Glasgow and the western Highlands 

The beginning of a journey into the land of our Scottish forbearers

Genealogy is not a burning interest of mine. In fact prowling through graveyards and brittle archival records in search of ancestors seems a singularly ghoulish diversion. But my grandmother, who related to such things, once told me that my name was derived from "souter", the gaelic word for shoemaker. So, in the absence of further research, I can claim a distant kinship to "Souter Johnnie", an 18th century cobbler who quaffed many a dram at the elbow of Robbie Burns.

My in-laws also take pride in their Scottish ancestry. According to my wife her forebearers took refuge in the Highlands after being run out of Ireland for stealing horses.

Tenuous though they may be these ties to the land of heath and heather seemed a fitting excuse to rediscover our Scottish roots.

Attempts to doze our way across the Atlantic proved utterly futile. The seats on our red-eye charter were better suited to a Cirque du Soleil contortion than to relaxation. When we finally touched down at Glasgow International Airport we were thoroughly jet-lagged. The morning rush hour was in full swing and it took another two hours before we arrived at the Forte Crest Hotel in Paisley and crashed until noon.

Paisley is a western suburb of Glasgow, about 10 kilometres from the city centre, and since our car would not be ready until the next day, we checked out the greater Glasgow transit system. A combination of busses, light rail, and subway, it proved to be efficient and easy to use. In less than an hour we were in the heart of Glasgow enjoying a late lunch in St. Enoch Square. By the end of the day we had visited St. Andrews Cathedral, the university, and the magnificent Glasgow Cathedral that dates back to the 13th century. After hours of wandering through a mix of ultra-modern and renaissance neighbourhoods we found a bench in George Square and watched the mood of the city wind down from the bustle of daily business and back up to the beat of evening nightlife. It's only four blocks along St. Vincent Street from George Square to the Drum and Monkey where we joined a lively crowd for jazz, a pint, and a meal in one of Glasgow's many friendly pubs.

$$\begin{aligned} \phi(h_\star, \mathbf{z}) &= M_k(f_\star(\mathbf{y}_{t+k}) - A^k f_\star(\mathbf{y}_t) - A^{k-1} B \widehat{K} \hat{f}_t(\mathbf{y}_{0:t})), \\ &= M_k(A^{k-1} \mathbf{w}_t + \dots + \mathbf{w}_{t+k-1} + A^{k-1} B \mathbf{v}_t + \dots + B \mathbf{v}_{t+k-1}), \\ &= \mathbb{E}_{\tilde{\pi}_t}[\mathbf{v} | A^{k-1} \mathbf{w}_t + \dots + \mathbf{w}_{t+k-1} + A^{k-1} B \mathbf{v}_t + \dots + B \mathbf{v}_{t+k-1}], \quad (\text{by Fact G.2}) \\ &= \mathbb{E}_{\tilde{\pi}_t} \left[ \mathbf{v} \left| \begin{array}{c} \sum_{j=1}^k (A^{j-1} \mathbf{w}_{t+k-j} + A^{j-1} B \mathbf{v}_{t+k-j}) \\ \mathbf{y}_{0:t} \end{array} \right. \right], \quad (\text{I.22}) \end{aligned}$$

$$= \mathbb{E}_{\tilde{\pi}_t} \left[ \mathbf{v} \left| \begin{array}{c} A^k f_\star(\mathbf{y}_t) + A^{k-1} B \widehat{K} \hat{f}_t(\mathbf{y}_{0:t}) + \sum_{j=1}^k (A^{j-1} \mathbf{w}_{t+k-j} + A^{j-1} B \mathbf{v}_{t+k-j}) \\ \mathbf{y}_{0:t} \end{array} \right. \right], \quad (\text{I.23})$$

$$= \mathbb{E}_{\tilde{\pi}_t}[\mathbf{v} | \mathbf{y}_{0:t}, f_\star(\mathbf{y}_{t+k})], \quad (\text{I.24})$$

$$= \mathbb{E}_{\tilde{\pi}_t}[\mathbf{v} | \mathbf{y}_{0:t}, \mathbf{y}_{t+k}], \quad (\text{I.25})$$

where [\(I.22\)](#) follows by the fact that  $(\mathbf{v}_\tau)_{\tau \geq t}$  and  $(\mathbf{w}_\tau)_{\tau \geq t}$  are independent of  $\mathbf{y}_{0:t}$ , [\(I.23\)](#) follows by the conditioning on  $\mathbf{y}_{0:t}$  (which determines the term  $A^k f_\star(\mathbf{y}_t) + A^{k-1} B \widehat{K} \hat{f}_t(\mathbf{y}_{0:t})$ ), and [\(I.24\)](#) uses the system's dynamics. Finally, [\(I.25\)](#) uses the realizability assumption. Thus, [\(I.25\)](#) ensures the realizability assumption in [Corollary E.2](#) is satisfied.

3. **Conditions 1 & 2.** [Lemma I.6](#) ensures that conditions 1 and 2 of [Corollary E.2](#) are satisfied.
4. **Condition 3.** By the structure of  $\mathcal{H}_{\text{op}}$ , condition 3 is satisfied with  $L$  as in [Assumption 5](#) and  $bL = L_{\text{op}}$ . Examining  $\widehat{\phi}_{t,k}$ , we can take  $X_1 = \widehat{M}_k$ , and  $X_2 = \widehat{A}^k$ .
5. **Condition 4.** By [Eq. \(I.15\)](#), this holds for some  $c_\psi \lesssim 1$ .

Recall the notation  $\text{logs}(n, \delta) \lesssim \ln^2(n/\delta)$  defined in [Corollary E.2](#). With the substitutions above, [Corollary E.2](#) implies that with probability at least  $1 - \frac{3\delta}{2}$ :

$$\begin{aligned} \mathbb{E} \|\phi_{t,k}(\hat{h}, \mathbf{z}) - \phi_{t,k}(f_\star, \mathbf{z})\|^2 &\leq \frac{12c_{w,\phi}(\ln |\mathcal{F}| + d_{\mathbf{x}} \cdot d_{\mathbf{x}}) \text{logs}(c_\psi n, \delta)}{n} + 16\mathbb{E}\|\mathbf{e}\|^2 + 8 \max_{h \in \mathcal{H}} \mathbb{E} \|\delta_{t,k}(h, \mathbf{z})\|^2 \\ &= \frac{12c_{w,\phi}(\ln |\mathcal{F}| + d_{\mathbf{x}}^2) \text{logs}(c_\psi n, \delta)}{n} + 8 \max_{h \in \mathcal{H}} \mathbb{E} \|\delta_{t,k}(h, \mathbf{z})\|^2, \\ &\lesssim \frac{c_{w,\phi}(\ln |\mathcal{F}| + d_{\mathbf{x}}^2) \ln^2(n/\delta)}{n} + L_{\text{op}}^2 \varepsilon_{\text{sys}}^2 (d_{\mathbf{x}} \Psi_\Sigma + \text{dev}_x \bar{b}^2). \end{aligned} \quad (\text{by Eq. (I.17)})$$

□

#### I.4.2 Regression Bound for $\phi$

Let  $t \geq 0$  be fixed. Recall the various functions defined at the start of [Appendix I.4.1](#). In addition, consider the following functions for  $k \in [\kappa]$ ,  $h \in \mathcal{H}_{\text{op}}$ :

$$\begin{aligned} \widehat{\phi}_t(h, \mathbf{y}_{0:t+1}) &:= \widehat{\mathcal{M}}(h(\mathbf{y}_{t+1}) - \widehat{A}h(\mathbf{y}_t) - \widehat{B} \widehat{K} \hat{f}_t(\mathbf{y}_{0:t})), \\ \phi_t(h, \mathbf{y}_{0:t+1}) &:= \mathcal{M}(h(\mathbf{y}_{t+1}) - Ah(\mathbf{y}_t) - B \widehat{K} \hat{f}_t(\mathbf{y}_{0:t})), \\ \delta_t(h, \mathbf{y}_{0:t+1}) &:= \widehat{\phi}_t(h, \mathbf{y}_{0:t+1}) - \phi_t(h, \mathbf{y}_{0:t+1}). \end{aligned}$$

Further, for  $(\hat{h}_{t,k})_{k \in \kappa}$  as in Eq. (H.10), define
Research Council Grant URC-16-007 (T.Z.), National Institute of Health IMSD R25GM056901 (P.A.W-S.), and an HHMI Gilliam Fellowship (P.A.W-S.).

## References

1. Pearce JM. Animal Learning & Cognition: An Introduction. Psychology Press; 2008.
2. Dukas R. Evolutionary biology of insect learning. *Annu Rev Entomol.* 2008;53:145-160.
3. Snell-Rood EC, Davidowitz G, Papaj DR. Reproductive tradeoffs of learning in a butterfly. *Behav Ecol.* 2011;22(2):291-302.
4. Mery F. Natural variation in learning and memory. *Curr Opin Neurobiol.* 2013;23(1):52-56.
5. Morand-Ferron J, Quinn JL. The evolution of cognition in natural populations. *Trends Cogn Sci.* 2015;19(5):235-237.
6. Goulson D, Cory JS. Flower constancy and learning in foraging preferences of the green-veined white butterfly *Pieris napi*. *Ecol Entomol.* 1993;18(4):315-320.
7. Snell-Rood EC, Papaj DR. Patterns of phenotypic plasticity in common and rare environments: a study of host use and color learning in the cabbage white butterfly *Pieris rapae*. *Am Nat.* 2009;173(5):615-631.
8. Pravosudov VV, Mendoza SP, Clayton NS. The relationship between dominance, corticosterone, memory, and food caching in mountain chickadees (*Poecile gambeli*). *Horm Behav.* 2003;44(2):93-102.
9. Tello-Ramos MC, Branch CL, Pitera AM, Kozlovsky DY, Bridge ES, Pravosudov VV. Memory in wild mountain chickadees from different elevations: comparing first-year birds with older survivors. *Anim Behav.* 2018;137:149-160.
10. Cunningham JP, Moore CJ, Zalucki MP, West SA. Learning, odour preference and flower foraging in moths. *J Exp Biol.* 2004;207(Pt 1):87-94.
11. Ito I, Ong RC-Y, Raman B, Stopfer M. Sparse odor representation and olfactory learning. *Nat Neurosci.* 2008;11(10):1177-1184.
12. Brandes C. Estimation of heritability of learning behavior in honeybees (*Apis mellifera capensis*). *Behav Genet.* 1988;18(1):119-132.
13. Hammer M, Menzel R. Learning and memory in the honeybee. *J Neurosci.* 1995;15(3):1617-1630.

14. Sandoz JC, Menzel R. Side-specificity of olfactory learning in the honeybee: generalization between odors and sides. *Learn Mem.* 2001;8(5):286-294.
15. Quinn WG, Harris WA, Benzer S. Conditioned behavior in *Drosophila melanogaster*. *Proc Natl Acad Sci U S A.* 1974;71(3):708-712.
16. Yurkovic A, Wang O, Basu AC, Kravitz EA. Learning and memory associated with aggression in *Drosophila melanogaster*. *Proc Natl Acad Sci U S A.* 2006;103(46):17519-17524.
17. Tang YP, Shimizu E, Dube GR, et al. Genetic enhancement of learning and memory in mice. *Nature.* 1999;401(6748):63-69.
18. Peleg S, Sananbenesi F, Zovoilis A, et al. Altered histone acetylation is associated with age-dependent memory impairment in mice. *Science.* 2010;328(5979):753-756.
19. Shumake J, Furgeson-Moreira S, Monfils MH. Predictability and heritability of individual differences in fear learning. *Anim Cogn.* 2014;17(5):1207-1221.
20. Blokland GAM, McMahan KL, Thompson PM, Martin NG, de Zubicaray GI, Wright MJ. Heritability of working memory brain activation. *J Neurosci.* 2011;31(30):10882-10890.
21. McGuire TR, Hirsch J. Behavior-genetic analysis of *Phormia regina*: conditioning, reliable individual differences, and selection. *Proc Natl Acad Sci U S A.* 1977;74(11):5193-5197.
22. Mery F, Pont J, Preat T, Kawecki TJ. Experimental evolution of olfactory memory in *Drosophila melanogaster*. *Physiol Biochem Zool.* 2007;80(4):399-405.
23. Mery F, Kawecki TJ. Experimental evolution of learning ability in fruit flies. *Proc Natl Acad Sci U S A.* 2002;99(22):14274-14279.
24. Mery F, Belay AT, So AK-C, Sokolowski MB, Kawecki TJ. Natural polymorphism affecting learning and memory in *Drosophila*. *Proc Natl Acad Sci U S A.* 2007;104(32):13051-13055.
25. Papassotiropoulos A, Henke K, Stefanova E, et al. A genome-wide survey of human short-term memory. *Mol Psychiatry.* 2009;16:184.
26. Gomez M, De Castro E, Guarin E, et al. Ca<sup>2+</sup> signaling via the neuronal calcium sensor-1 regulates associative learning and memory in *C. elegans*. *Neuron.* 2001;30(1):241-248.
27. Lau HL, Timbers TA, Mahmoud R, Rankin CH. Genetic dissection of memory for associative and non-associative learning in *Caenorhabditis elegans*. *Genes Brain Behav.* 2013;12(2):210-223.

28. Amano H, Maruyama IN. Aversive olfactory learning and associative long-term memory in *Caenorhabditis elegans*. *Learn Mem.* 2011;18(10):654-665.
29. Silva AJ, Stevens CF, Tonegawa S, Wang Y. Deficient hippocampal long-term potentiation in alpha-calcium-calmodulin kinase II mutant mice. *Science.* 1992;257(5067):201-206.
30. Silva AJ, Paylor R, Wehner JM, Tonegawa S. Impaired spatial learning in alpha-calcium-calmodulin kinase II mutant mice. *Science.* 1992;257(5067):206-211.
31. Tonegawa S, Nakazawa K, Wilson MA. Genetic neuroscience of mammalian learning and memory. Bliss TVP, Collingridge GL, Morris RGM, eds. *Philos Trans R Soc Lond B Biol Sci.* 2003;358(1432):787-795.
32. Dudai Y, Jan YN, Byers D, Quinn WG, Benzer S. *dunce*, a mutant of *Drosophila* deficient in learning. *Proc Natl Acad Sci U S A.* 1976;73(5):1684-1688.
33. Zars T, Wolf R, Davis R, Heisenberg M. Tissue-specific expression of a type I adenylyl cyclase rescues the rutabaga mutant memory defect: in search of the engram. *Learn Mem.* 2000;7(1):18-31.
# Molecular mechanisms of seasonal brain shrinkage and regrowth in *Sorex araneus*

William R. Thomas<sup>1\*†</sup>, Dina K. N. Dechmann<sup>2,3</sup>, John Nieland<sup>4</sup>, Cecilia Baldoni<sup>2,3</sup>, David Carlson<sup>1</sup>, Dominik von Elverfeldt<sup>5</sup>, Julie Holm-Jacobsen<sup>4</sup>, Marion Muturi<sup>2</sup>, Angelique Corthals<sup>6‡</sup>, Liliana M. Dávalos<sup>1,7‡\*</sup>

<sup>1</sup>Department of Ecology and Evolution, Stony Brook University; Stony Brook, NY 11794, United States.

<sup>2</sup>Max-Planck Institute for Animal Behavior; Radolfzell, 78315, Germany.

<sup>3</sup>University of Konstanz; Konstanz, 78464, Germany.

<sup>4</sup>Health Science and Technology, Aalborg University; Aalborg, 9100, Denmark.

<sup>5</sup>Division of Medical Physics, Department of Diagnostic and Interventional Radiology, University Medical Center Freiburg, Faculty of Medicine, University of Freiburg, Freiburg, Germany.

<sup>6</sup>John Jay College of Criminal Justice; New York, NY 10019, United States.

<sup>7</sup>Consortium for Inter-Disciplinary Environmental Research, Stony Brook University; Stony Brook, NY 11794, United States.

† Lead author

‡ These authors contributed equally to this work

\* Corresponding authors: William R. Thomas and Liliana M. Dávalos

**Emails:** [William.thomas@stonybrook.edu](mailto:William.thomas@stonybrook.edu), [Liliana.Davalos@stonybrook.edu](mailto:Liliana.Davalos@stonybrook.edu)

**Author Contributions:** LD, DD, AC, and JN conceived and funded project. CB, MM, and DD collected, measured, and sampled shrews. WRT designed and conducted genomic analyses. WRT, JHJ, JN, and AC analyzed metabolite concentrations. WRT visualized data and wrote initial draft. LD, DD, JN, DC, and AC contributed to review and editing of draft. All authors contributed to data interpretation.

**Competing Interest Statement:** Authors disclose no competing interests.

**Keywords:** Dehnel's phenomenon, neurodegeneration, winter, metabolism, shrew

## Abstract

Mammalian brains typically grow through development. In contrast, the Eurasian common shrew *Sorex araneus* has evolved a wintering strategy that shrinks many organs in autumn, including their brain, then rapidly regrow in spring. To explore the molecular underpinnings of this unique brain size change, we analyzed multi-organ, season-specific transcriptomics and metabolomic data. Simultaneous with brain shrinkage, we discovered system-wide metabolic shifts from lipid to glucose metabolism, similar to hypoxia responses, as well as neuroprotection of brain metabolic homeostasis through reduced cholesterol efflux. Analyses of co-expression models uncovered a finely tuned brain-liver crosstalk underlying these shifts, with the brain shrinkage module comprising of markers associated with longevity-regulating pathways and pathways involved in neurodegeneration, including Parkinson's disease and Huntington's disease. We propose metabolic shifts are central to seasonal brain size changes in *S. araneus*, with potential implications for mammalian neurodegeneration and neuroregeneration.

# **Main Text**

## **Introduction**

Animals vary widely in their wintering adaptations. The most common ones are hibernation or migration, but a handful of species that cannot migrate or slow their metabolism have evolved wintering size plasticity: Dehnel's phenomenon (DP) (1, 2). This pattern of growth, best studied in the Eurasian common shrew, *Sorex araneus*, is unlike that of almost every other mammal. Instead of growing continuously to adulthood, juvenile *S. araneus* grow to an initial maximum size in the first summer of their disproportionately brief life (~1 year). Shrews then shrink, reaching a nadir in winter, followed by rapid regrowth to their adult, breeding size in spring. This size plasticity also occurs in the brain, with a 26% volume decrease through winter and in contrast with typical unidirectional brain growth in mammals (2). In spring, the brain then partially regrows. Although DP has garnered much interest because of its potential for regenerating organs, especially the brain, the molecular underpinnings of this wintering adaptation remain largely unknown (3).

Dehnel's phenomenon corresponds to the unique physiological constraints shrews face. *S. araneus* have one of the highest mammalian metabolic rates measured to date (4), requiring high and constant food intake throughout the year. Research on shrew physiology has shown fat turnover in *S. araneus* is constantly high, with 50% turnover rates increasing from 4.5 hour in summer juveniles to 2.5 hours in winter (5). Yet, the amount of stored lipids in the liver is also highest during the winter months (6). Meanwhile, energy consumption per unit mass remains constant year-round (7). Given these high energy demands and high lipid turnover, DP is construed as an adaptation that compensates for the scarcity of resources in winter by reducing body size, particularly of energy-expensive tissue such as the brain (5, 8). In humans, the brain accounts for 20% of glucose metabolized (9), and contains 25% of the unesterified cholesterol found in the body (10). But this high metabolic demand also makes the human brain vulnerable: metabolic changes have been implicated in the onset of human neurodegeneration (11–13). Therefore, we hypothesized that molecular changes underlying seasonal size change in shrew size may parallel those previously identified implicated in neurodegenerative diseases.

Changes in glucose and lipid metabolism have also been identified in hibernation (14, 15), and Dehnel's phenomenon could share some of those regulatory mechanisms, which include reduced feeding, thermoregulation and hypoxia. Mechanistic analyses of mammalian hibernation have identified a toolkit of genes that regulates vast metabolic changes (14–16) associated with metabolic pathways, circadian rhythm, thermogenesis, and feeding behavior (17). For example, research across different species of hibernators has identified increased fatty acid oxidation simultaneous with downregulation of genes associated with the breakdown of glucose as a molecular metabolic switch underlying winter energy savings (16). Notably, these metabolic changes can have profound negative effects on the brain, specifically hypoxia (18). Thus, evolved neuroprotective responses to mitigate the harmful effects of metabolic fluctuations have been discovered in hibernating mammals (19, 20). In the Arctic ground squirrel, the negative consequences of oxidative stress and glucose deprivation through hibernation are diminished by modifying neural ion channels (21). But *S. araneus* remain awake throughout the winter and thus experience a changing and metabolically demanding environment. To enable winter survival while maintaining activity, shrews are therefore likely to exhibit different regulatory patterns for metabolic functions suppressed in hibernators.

Sprawling astride the River Clyde, not far inland from the Firth of Clyde, the port of Glasgow predates written history. The remains of stone-age fishing canoes have been unearthed from the river banks and Celtic druids, who were among the first to settle the area, are believed to have traded with Roman Legions pushing the northern frontiers of their far-flung empire. But it was not until the 6th century that the city of Glasgow began to grow around a cathedral founded by St. Mungo in AD 543. By the 12th century its population was more than a thousand. In 1238 work began on Glasgow Cathedral that still stands on the spot where St. Mungo built his original church. The University of Glasgow was founded in 1415 and by the 15th century Glasgow had become one of the most powerful academic and ecclesiastical centres in Scotland.

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